How to manage your trauma reactions in relation to gun violence & assault
by Janina Scarlet, Ph.D. Licensed Clinical Psychologist
Author of Superhero Therapy, Harry Potter Therapy, and Therapy Quest.
Podcaster on Superhero Therapy and Harry Potter Therapy
Being a girl is not easy. Especially now. In addition to the typical adjustments and changes that we do talk about, there are also the factors that we often might not talk about. These factors often include traumatic experiences, such as violence and assault. It seems that almost on a daily basis there are news of yet another mass shooting or another girl or woman who was assaulted. Whether you have experienced assault or gun violence yourself, had ever known anyone who had, participated in a mass shooter drill, or watched the events related to school shootings unfold on the news, chances are that these might have affected you.
Many people might experience nightmares after experiencing or learning about assault or gun violence. Other people might experience a sudden change in their mood, for example, getting easily upset, angry, or losing patience with others. As a result, they might not want to be around other people or be afraid of being alone. Some people also report being on the look-out for danger wherever they go, such as movie theatres, malls, and concerts.
If you feel this way, please know that you are not alone. Many other people feel the same way you do. There is nothing wrong with feeling this way. It is your survival mechanism coming on board to protect you.
Why does this happen? If you have ever experienced previous traumatic events, such as assault or abuse, the experience or the possibility of gun violence can reinforce a belief that the world is an unsafe place. On the other hand, if previously you believed that the world is a safe place, learning about or experiencing assault or violence can drastically change your beliefs about the world, making you feel unsafe.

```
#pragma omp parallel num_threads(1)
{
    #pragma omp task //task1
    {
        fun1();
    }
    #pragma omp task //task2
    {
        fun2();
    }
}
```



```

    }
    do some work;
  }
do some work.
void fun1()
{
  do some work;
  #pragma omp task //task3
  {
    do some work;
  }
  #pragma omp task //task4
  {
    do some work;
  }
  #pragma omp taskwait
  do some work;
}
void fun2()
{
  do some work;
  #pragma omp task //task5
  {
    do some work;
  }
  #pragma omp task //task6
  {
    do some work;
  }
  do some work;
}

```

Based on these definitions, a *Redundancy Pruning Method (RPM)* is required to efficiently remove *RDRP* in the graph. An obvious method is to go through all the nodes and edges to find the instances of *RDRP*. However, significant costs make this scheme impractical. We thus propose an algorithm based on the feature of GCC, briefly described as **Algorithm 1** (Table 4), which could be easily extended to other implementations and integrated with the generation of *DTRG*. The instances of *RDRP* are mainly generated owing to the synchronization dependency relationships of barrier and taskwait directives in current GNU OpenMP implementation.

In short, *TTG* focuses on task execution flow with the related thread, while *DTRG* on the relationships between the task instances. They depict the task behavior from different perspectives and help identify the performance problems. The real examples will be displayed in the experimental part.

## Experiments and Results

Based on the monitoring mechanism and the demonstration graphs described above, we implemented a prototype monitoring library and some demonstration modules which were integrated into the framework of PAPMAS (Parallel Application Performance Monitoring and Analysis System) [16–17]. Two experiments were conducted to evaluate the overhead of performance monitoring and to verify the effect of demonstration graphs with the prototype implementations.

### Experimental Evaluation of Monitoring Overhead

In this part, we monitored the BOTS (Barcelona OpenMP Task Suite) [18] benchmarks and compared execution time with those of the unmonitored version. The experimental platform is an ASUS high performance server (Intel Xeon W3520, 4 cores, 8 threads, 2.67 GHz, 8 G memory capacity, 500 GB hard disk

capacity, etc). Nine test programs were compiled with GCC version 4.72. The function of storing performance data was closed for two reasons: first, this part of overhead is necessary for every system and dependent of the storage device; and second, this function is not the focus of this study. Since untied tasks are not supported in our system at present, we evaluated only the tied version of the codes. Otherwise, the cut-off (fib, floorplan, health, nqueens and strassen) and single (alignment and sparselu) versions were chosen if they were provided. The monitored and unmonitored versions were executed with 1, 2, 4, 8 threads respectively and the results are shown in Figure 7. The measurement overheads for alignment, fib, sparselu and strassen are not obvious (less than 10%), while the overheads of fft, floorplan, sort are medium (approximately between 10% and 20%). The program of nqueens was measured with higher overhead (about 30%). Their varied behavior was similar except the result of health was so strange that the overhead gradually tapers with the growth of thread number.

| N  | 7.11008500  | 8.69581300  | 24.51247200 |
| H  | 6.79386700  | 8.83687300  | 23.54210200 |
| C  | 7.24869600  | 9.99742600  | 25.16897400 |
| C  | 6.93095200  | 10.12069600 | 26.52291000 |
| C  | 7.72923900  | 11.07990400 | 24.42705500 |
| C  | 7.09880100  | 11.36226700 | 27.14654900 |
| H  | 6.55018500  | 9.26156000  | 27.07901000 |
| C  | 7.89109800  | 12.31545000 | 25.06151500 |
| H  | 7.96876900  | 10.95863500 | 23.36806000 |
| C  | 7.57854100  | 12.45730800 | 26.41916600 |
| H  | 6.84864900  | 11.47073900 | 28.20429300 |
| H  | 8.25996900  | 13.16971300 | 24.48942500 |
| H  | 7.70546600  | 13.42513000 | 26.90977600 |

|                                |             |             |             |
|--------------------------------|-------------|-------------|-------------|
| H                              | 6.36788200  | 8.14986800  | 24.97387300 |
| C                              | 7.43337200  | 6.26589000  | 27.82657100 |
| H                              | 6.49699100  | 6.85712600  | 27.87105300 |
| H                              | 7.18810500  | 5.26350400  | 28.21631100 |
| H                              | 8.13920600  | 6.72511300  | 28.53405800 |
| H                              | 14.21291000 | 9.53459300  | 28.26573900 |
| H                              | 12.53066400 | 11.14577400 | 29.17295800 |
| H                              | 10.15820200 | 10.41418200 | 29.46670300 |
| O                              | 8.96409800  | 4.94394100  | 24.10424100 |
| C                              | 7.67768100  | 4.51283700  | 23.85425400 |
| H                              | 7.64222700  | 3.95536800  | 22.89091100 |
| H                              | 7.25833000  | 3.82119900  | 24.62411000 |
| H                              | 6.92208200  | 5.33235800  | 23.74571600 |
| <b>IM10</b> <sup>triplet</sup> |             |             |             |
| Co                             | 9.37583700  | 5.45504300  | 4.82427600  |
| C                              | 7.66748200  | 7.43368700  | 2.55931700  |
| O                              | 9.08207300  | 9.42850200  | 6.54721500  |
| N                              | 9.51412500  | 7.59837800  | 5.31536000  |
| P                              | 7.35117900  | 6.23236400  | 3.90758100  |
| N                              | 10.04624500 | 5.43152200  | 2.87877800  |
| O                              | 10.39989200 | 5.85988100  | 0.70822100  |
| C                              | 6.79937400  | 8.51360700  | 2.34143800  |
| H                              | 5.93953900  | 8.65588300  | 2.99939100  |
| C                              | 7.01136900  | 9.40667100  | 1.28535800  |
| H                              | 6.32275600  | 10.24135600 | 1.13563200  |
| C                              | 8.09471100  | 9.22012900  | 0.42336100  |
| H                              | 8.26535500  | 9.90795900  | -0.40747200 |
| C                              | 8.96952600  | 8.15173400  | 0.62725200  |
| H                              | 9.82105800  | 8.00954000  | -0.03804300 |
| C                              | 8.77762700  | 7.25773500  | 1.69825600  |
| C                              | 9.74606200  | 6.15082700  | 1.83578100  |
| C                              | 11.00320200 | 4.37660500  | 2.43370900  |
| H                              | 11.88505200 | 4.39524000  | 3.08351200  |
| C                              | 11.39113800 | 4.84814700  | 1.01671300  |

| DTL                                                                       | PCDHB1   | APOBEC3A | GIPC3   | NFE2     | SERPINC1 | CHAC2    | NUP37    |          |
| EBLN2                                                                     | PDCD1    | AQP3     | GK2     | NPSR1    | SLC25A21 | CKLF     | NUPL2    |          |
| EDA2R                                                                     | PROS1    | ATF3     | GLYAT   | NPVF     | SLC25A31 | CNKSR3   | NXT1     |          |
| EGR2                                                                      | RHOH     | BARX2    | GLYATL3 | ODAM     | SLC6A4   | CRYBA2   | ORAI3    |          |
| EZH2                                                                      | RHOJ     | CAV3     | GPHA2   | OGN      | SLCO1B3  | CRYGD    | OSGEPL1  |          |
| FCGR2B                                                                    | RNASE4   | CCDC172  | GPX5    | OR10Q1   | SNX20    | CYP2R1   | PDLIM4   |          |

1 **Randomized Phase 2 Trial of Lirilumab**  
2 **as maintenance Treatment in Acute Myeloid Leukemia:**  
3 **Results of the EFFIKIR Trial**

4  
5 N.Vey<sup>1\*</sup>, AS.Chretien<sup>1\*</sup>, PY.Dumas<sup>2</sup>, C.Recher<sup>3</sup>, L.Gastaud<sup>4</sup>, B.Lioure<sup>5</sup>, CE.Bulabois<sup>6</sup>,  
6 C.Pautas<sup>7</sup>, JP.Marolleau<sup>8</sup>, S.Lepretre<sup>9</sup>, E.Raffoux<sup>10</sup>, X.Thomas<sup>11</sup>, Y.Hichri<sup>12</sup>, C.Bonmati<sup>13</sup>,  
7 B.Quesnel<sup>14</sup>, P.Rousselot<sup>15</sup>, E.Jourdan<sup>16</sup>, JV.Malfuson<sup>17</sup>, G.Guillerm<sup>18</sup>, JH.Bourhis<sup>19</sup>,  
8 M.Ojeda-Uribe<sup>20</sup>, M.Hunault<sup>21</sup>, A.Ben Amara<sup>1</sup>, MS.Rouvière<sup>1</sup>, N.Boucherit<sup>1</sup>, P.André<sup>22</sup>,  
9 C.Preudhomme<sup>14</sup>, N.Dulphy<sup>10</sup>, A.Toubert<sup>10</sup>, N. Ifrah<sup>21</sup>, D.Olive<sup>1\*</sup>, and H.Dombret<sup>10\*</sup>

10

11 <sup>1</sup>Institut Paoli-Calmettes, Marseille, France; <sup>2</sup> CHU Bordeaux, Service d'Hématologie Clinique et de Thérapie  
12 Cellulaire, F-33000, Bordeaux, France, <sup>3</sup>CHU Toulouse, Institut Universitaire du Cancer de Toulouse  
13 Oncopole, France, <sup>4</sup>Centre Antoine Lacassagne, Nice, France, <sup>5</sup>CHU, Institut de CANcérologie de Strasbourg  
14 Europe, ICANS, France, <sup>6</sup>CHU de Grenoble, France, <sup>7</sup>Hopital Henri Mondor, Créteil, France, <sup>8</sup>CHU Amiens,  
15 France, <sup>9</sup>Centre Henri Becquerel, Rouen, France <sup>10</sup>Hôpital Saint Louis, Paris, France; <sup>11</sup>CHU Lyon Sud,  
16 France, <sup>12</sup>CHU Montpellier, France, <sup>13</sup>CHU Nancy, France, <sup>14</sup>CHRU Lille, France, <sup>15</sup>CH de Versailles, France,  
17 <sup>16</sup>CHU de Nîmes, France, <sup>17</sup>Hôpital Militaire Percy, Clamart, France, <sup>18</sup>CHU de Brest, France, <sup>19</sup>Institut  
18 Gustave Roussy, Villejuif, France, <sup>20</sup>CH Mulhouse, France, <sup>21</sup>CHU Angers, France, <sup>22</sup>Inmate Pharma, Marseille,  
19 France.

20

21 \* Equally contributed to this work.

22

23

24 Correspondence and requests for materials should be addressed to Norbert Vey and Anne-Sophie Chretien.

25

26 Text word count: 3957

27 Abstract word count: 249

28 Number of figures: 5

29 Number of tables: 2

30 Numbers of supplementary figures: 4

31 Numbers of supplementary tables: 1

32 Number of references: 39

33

When your beliefs are such that the world is unsafe, your body might react to protect you. Your heart will start beating faster, your breathing will start to become shallower, your vision might become a little blurry, and your hands might become cold and clammy. As uncomfortable as these sensations are, all of these effects are actually helpful at keeping you safe. Your pounding heart is sending more blood toward your vital organs and making your brain think faster, getting you ready to fight or run away if you need to. Your fast breathing is allowing you to take in more oxygen into your lungs, and your blurry vision is allowing your eyes to focus on the most crucial information to keep you alive. This anxiety is your very own superpower, your very own Supergirl suit ready to protect you at the moment’s notice.
Sometimes we might feel ashamed of our struggles with our emotional experiences. There is absolutely no shame in what you are going through. Anybody in your situation would be feeling the same way. The more you talk about how you are feeling, the more you are likely to see that many other people are also going through the same thing. By sharing your story, you might inspire others to do the same. By opening up to others, you can create a meaningful life-saving dialogue. Please know that you are a superhero. Don’t forget your cape.
If you or a loved one are experiencing a mental health crisis, call the suicide hotline: 1-800-273-8255 or text the Crisis Text Line: 741-741.
To find a mental health professional in your area, type in your zip code on PsychologyToday.com.
About the author
Dr. Janina Scarlet is a clinical psychologist and the author of Therapy Quest, a revolutionary self-help book which combines therapy with an interactive fantasy quest. For more information go to: www.superhero-therapy.com or follow @ShadowQuill